If William Howard Taft, the President who signed the legislation that authorized the creation of the United States Navy Nurse Corps in 1908, could have peered down the corridors of the future and saw the countless acts of kindness, courage, self-sacrifice, and devotion to duty that its members would consistently display, he might have taken a few extra seconds to scan the historic document before putting pen to paper.

You see, the bill that Taft signed authorized the establishment of the Nurse Corps—but it didn’t provide them with a place to live or with food to eat.

But the twenty women selected as the first members of the Nurse Corps did not, to paraphrase a line of dialogue from a famous movie, rely on "the kindness of strangers” to take care of these basic needs. Instead, Superintendent Esther Voorhees Hasson and her fellow Nurses took matters into their own hands, renting out a house to serve as their quarters and convert the kitchen into a mess hall. This dedicated group eventually earned the nickname the “Sacred Twenty,” and from these humble beginnings the Nurse Corps expanded at a rate that even they could have scarcely foreseen.

Just two years after the Corps was founded, its members were being sent to far-flung locales such as the Philippines, Samoa, Guam, Yokohama, Cuba, and the Virgin Islands—this at a time when a woman’s place was almost universally considered to be in the home. As World War I drew to a close, nearly 1,400 Nurses had served their country during its most deadly international conflict up to that point in time.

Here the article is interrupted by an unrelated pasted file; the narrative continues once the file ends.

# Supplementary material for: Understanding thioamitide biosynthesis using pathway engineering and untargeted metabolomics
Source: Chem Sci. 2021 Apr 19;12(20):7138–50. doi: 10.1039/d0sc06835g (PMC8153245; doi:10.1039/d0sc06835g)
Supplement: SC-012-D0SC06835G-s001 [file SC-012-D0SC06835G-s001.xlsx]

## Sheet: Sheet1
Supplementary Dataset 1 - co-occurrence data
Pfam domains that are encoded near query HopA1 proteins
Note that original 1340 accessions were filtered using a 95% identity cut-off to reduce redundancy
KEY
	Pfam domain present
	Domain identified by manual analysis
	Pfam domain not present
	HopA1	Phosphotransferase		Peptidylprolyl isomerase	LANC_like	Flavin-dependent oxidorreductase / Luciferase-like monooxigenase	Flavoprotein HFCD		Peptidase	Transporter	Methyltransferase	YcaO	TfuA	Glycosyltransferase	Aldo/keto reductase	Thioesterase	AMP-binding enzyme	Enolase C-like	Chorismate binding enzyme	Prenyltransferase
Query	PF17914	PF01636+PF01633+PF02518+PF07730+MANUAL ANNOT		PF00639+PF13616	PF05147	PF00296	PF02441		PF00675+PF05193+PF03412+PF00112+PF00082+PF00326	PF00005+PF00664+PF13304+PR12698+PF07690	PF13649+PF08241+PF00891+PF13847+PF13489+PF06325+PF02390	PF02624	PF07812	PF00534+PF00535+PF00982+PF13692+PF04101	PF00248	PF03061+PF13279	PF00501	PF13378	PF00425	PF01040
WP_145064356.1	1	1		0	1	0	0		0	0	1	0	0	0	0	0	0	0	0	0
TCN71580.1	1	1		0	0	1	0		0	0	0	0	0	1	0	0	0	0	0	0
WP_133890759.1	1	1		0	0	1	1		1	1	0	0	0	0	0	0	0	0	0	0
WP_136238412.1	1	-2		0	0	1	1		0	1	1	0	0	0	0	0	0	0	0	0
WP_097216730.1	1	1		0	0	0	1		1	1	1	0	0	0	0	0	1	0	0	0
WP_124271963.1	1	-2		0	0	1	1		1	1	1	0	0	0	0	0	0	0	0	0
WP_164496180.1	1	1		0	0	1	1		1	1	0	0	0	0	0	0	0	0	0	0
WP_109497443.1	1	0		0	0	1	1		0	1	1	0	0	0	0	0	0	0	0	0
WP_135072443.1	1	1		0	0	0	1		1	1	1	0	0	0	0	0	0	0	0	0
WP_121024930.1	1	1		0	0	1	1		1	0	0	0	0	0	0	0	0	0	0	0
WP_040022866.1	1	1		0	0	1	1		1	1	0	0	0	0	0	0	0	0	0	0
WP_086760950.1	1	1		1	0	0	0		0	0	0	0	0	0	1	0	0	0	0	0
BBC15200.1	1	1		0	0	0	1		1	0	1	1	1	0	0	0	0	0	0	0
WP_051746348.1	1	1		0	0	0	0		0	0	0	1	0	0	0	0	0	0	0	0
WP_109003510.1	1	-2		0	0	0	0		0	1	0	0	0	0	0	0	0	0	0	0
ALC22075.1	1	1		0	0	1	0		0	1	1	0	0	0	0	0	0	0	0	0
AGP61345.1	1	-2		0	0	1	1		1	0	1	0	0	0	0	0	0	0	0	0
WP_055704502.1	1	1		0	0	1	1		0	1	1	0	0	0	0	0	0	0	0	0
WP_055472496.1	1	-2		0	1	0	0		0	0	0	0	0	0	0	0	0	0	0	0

With the end of the Great War and the subsequent drastic reduction in the size of the Navy, the number of Nurses in the Corps also fell dramatically. Just a year before the outbreak of the Second World War, the number of Nurses was less than 430. By the time the war drew to its conclusion, the Corps size had ballooned astronomically to over 11,000 officers (Regular Navy and Reservists on active duty). They served stateside at 40 Naval hospitals, over 175 dispensaries, and also at six schools for Hospital Corpsmen. On the front lines, they were stationed on a dozen hospital ships and deployed to operational areas across both the Atlantic and Pacific Theater: the Aleutians, Bermuda, New Guinea, Australia, New Guinea, Newfoundland, Africa, the Panama Canal zone, Cuba, the Russell Islands, the Solomons, Hawaii, and England, to name a few.

Women against answered the call of duty when war broke out on the Korean Peninsula in 1950. At the height of the fighting, some 3200-plus Nurses were stationed on three ships stationed off the Korean coast serving as station hospitals. It was not until 1965, during the early days of the Vietnam War, that men were allowed to join the Navy Nurse Corps, and they showed the same compassions and unswerving commitment to helping others that had become the hallmark of the Corps.

Today, men and women alike stand side by side in the Navy Corps, augmenting doctors and Corpsmen to form one of the most effective and skilled medical forces—military or civilian—in the world today.

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